Add To Favorites In PHR
Editorial: Annual flu shots provide important protection
The Herald-Dispatch - 9/29/2017
Along with football and pumpkins, flu shot advertising has become one sure sign of fall.
But despite the marketing and media attention, less than half of adults typically get an annual flu shot. The Centers for Disease Control report that almost 60 percent of children and teens got a flu shot in 2016, but only about 41 percent of grownups did.
The most common reason for not getting a shot seems to be that people think they are healthy and just do not need it. However, public health officials stress that even the very healthy can get sick.
"I'm wondering if those people have ever had the flu," Dr. Michael Kilkenny, physician director at the Cabell-Huntington Health Department, told Herald-Dispatch reporter Bishop Nash recently. "The aches, fatigue, cough, fever - it's a very miserable condition even if you're healthy. It's not worth that to me."
Consider that annual flu-related hospitalizations in the United States have ranged from 140,000 to 710,000 since 2010, and deaths have numbered between 12,000 and 56,000 a year.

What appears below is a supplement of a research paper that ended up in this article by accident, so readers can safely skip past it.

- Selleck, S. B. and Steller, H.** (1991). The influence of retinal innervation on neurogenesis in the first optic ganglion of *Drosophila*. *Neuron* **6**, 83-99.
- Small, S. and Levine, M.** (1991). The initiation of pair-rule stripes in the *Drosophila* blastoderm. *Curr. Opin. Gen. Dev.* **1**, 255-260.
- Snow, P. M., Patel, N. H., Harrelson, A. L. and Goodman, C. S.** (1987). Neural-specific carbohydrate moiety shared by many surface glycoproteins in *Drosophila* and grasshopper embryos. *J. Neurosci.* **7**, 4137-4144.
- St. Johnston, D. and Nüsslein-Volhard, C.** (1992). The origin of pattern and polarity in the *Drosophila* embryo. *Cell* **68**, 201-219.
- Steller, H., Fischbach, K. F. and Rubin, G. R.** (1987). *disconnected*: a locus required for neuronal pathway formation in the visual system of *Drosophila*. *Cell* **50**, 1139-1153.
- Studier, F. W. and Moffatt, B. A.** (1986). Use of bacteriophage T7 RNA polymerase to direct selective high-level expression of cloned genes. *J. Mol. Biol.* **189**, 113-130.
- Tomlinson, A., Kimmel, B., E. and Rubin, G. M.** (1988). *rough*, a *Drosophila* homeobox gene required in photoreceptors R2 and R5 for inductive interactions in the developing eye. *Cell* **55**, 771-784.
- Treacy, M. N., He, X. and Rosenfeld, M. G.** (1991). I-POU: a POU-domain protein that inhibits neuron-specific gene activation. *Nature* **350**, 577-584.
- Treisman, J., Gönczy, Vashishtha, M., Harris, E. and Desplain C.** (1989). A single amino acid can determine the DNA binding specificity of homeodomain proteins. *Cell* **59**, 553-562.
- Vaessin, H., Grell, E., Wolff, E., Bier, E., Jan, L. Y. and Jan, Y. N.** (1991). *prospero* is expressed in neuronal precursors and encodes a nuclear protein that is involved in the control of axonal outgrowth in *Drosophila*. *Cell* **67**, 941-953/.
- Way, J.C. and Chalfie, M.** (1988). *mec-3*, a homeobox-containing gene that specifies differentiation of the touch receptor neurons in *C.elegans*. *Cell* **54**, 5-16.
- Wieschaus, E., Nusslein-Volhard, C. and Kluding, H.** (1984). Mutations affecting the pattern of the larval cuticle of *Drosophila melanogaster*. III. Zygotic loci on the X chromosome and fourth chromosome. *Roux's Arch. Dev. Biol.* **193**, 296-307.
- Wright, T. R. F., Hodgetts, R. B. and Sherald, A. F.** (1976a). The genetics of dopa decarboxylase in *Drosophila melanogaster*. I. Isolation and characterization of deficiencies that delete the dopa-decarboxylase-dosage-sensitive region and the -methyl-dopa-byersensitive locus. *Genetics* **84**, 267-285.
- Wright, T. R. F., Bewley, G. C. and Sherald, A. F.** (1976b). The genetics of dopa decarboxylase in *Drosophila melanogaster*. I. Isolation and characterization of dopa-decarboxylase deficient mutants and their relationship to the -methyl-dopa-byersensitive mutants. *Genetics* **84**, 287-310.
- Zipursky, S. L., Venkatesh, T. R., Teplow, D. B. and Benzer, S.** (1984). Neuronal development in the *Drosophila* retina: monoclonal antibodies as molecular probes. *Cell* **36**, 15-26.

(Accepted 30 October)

Flu infections also can be particularly hard on children, who face even more potential exposure because their interaction in school.
"It's one little stick for preventing potentially a week of illness," said Dr. Jennifer Gerlach, assistant professor of pediatrics at Marshall University Joan C. Edwards School of Medicine.
There are also people who worry the vaccine is not safe or linked to other health complications, and the Internet helps spread more of those myths every year. A small number of people do have side effects after the shot, such as fever or nausea, but 50 years of research and hundreds of millions of immunizations have shown the vaccines are safe, doctors say.
If you have a concern, it is good to consult with your physician, but the CDC recommends an annual vaccine for everyone except children younger than 6 months and people with severe, life-threatening allergies to flu vaccine or its ingredients. Those might include gelatin, antibiotics or other ingredients.
The reason you need a shot each year is that influenza strains change, and flu vaccines are updated seasonally to provide the best protection against the virus strains that experts predict will circulate widely during flu season. It is not a perfect science, and some years, the vaccines work better than others. Generally, the shots are considered about 60 percent effective.
But that is important protection that not only protects individuals but also reduces the spread of the virus to family members, co-workers and children.
While the peak of the flu season typically comes in January or February, cases have already been reported in our region. So, it is not too early to get your shot, which lasts for six months and will provide protection throughout the season.